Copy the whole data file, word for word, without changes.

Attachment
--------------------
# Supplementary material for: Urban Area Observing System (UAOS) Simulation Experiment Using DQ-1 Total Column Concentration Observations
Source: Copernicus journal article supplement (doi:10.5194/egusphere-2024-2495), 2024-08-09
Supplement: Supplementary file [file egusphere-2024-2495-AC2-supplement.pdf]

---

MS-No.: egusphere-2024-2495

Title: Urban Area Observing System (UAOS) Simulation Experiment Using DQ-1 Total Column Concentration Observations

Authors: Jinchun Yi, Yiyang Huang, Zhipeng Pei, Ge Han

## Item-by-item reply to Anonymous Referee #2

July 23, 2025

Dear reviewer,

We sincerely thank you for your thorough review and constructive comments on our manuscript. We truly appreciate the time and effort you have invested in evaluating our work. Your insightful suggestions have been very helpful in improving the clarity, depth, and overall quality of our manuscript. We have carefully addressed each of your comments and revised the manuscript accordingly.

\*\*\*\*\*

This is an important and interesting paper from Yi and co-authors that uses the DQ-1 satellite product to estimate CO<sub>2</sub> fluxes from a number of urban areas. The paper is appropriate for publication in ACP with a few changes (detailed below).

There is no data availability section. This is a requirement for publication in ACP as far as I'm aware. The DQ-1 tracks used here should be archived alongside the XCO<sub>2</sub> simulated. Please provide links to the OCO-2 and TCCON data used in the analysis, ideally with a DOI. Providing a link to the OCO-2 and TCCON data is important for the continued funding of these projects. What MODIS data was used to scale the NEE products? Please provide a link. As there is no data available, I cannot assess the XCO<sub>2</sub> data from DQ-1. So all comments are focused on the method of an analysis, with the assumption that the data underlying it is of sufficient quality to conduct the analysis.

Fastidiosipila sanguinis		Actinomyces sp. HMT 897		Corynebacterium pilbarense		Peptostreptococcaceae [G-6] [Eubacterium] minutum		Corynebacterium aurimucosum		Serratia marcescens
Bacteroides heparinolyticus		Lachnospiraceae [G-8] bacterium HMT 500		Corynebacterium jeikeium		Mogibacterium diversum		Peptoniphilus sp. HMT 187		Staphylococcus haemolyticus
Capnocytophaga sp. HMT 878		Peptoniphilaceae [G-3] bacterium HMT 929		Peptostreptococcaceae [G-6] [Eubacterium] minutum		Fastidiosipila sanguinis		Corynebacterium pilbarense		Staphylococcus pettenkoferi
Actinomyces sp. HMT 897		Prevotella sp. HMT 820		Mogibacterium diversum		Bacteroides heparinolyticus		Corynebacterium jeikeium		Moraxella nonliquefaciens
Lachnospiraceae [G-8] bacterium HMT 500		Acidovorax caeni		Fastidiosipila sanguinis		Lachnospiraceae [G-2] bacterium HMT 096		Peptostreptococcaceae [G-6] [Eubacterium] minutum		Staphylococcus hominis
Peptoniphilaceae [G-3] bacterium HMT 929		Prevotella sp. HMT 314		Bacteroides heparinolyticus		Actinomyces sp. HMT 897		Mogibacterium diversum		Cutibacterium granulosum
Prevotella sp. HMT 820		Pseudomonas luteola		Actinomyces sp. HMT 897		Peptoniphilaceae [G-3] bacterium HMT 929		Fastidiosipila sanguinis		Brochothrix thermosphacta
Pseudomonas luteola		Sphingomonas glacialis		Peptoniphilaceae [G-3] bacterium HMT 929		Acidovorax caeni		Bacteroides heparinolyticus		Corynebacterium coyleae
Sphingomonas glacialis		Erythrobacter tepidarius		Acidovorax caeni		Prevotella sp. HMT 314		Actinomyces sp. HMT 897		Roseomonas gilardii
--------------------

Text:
# Supplementary material for: Urban Area Observing System (UAOS) Simulation Experiment Using DQ-1 Total Column Concentration Observations
Source: Copernicus journal article supplement (doi:10.5194/egusphere-2024-2495), 2024-08-09
Supplement: Supplementary file [file egusphere-2024-2495-AC2-supplement.pdf]

---

MS-No.: egusphere-2024-2495

Title: Urban Area Observing System (UAOS) Simulation Experiment Using DQ-1 Total Column Concentration Observations

Authors: Jinchun Yi, Yiyang Huang, Zhipeng Pei, Ge Han

## Item-by-item reply to Anonymous Referee #2

July 23, 2025

Dear reviewer,

We sincerely thank you for your thorough review and constructive comments on our manuscript. We truly appreciate the time and effort you have invested in evaluating our work. Your insightful suggestions have been very helpful in improving the clarity, depth, and overall quality of our manuscript. We have carefully addressed each of your comments and revised the manuscript accordingly.

\*\*\*\*\*

This is an important and interesting paper from Yi and co-authors that uses the DQ-1 satellite product to estimate CO<sub>2</sub> fluxes from a number of urban areas. The paper is appropriate for publication in ACP with a few changes (detailed below).

There is no data availability section. This is a requirement for publication in ACP as far as I'm aware. The DQ-1 tracks used here should be archived alongside the XCO<sub>2</sub> simulated. Please provide links to the OCO-2 and TCCON data used in the analysis, ideally with a DOI. Providing a link to the OCO-2 and TCCON data is important for the continued funding of these projects. What MODIS data was used to scale the NEE products? Please provide a link. As there is no data available, I cannot assess the XCO<sub>2</sub> data from DQ-1. So all comments are focused on the method of an analysis, with the assumption that the data underlying it is of sufficient quality to conduct the analysis.

Fastidiosipila sanguinis		Actinomyces sp. HMT 897		Corynebacterium pilbarense		Peptostreptococcaceae [G-6] [Eubacterium] minutum		Corynebacterium aurimucosum		Serratia marcescens
Bacteroides heparinolyticus		Lachnospiraceae [G-8] bacterium HMT 500		Corynebacterium jeikeium		Mogibacterium diversum		Peptoniphilus sp. HMT 187		Staphylococcus haemolyticus
Capnocytophaga sp. HMT 878		Peptoniphilaceae [G-3] bacterium HMT 929		Peptostreptococcaceae [G-6] [Eubacterium] minutum		Fastidiosipila sanguinis		Corynebacterium pilbarense		Staphylococcus pettenkoferi
Actinomyces sp. HMT 897		Prevotella sp. HMT 820		Mogibacterium diversum		Bacteroides heparinolyticus		Corynebacterium jeikeium		Moraxella nonliquefaciens
Lachnospiraceae [G-8] bacterium HMT 500		Acidovorax caeni		Fastidiosipila sanguinis		Lachnospiraceae [G-2] bacterium HMT 096		Peptostreptococcaceae [G-6] [Eubacterium] minutum		Staphylococcus hominis
Peptoniphilaceae [G-3] bacterium HMT 929		Prevotella sp. HMT 314		Bacteroides heparinolyticus		Actinomyces sp. HMT 897		Mogibacterium diversum		Cutibacterium granulosum
Prevotella sp. HMT 820		Pseudomonas luteola		Actinomyces sp. HMT 897		Peptoniphilaceae [G-3] bacterium HMT 929		Fastidiosipila sanguinis		Brochothrix thermosphacta
Pseudomonas luteola		Sphingomonas glacialis		Peptoniphilaceae [G-3] bacterium HMT 929		Acidovorax caeni		Bacteroides heparinolyticus		Corynebacterium coyleae
Sphingomonas glacialis		Erythrobacter tepidarius		Acidovorax caeni		Prevotella sp. HMT 314		Actinomyces sp. HMT 897		Roseomonas gilardii